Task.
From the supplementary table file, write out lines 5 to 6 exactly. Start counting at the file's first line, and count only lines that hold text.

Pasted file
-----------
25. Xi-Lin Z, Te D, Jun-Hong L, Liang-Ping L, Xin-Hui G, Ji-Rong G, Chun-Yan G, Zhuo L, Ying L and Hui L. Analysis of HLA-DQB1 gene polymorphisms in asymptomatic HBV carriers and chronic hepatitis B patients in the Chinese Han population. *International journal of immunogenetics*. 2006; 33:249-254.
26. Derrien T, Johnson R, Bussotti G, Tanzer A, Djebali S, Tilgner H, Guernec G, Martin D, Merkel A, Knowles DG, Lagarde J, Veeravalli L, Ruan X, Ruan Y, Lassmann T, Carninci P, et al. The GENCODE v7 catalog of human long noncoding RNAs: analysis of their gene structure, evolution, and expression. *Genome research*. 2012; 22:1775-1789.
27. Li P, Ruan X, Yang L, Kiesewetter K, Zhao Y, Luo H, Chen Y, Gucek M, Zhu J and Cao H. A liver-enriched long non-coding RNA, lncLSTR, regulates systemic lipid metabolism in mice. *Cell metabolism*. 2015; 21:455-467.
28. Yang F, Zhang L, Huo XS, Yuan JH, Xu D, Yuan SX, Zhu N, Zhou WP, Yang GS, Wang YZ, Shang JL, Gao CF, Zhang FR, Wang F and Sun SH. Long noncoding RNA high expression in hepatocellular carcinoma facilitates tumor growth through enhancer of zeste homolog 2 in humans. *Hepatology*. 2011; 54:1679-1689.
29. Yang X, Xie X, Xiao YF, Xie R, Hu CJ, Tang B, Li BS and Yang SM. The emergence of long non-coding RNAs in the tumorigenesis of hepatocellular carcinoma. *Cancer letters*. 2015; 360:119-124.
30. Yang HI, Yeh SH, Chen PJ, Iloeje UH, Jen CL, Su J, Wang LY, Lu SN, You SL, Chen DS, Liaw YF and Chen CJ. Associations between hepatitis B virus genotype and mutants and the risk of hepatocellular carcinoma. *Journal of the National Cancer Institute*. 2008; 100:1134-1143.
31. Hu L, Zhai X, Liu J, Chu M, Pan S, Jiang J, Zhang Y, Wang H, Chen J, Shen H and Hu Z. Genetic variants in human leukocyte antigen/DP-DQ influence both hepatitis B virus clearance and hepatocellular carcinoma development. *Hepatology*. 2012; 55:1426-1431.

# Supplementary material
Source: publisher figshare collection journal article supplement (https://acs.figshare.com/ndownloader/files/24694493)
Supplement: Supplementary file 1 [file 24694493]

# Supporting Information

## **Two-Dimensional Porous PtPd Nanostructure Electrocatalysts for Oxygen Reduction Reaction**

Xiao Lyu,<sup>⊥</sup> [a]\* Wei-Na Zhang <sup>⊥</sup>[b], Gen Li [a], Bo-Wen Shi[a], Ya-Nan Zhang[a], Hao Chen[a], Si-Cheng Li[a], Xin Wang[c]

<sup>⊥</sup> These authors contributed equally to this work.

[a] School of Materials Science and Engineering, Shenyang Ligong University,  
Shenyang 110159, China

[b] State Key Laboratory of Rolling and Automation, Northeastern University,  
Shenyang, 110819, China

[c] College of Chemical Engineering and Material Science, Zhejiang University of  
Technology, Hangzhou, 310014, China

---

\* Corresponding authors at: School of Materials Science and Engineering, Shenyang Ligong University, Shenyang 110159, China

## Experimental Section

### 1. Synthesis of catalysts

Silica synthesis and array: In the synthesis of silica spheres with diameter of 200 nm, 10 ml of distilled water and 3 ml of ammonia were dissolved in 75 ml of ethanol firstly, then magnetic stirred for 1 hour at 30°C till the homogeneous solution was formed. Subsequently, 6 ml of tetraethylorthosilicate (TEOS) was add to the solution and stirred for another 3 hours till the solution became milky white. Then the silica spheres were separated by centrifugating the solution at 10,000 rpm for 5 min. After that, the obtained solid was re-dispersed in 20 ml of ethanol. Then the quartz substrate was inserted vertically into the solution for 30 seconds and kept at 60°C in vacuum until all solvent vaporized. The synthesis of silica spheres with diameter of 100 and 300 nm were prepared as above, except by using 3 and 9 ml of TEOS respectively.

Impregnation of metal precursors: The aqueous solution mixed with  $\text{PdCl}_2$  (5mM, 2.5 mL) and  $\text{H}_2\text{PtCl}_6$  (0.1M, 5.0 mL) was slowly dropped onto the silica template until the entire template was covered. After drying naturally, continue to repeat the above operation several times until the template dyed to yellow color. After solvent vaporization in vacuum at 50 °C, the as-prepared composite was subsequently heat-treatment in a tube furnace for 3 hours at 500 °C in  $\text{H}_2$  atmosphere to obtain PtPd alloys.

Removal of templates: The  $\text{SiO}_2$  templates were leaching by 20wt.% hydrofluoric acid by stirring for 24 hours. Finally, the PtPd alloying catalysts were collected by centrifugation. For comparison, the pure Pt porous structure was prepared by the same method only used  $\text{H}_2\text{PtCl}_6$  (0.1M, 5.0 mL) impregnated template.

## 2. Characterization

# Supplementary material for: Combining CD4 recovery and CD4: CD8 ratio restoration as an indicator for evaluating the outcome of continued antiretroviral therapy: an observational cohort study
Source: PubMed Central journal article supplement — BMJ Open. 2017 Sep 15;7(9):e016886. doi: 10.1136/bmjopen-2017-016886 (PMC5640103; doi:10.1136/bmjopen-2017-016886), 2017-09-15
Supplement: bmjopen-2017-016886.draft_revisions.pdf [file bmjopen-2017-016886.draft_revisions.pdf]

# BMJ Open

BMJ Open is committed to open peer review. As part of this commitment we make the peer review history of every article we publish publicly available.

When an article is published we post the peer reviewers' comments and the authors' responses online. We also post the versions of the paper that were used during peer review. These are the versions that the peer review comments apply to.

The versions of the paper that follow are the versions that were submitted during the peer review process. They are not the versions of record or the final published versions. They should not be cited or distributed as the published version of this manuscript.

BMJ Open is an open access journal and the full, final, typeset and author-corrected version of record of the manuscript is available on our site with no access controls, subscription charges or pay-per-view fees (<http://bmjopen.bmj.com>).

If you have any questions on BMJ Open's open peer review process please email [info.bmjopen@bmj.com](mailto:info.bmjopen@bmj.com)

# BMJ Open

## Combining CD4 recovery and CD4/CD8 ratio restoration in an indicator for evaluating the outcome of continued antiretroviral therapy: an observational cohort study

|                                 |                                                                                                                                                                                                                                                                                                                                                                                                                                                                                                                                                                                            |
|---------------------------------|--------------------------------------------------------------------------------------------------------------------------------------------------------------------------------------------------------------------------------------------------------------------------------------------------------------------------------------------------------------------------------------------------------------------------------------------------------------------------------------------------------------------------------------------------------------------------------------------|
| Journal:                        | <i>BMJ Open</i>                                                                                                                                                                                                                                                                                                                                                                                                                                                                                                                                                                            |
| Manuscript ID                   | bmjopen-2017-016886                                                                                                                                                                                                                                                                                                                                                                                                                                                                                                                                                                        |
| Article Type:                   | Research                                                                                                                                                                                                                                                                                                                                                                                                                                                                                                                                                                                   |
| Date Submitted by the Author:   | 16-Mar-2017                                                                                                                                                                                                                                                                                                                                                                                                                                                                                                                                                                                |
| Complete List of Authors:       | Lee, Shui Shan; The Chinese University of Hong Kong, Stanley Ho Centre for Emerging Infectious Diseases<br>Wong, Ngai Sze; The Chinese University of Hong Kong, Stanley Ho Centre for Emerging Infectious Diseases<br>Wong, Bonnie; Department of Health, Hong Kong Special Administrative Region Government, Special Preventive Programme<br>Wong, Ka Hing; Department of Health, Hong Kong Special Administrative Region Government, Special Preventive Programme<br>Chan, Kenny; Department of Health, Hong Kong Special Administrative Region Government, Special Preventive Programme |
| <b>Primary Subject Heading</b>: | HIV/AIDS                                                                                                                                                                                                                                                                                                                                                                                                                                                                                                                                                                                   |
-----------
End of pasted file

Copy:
29. Yang X, Xie X, Xiao YF, Xie R, Hu CJ, Tang B, Li BS and Yang SM. The emergence of long non-coding RNAs in the tumorigenesis of hepatocellular carcinoma. *Cancer letters*. 2015; 360:119-124.
30. Yang HI, Yeh SH, Chen PJ, Iloeje UH, Jen CL, Su J, Wang LY, Lu SN, You SL, Chen DS, Liaw YF and Chen CJ. Associations between hepatitis B virus genotype and mutants and the risk of hepatocellular carcinoma. *Journal of the National Cancer Institute*. 2008; 100:1134-1143.